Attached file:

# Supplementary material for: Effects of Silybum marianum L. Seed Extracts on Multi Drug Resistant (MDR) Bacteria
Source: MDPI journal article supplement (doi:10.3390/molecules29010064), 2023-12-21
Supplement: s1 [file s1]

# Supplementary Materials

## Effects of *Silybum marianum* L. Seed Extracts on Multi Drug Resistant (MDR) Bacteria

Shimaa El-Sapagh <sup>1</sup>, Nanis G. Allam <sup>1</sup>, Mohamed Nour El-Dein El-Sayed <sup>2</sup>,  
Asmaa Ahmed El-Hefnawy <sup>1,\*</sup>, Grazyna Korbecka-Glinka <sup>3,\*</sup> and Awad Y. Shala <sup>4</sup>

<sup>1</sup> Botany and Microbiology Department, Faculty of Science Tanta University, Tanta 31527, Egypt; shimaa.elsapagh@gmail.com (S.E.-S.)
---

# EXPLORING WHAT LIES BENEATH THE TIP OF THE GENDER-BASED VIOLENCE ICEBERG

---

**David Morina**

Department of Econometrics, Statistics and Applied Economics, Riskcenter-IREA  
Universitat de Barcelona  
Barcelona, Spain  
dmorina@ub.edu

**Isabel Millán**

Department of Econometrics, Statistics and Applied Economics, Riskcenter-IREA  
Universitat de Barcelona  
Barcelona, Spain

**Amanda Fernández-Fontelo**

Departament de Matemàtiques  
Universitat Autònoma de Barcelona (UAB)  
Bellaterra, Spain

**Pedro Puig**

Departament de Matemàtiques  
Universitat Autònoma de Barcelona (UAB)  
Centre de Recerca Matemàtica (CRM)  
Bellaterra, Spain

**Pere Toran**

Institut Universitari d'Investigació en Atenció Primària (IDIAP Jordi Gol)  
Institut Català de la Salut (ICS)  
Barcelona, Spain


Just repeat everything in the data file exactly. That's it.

# Supplementary material for: Effects of Silybum marianum L. Seed Extracts on Multi Drug Resistant (MDR) Bacteria
Source: MDPI journal article supplement (doi:10.3390/molecules29010064), 2023-12-21
Supplement: s1 [file s1]

# Supplementary Materials

## Effects of *Silybum marianum* L. Seed Extracts on Multi Drug Resistant (MDR) Bacteria

Shimaa El-Sapagh <sup>1</sup>, Nanis G. Allam <sup>1</sup>, Mohamed Nour El-Dein El-Sayed <sup>2</sup>,  
Asmaa Ahmed El-Hefnawy <sup>1,\*</sup>, Grazyna Korbecka-Glinka <sup>3,\*</sup> and Awad Y. Shala <sup>4</sup>

<sup>1</sup> Botany and Microbiology Department, Faculty of Science Tanta University, Tanta 31527, Egypt; shimaa.elsapagh@gmail.com (S.E.-S.)
---

# EXPLORING WHAT LIES BENEATH THE TIP OF THE GENDER-BASED VIOLENCE ICEBERG

---

**David Morina**

Department of Econometrics, Statistics and Applied Economics, Riskcenter-IREA  
Universitat de Barcelona  
Barcelona, Spain  
dmorina@ub.edu

**Isabel Millán**

Department of Econometrics, Statistics and Applied Economics, Riskcenter-IREA  
Universitat de Barcelona  
Barcelona, Spain

**Amanda Fernández-Fontelo**

Departament de Matemàtiques  
Universitat Autònoma de Barcelona (UAB)  
Bellaterra, Spain

**Pedro Puig**

Departament de Matemàtiques  
Universitat Autònoma de Barcelona (UAB)  
Centre de Recerca Matemàtica (CRM)  
Bellaterra, Spain

**Pere Toran**

Institut Universitari d'Investigació en Atenció Primària (IDIAP Jordi Gol)  
Institut Català de la Salut (ICS)  
Barcelona, Spain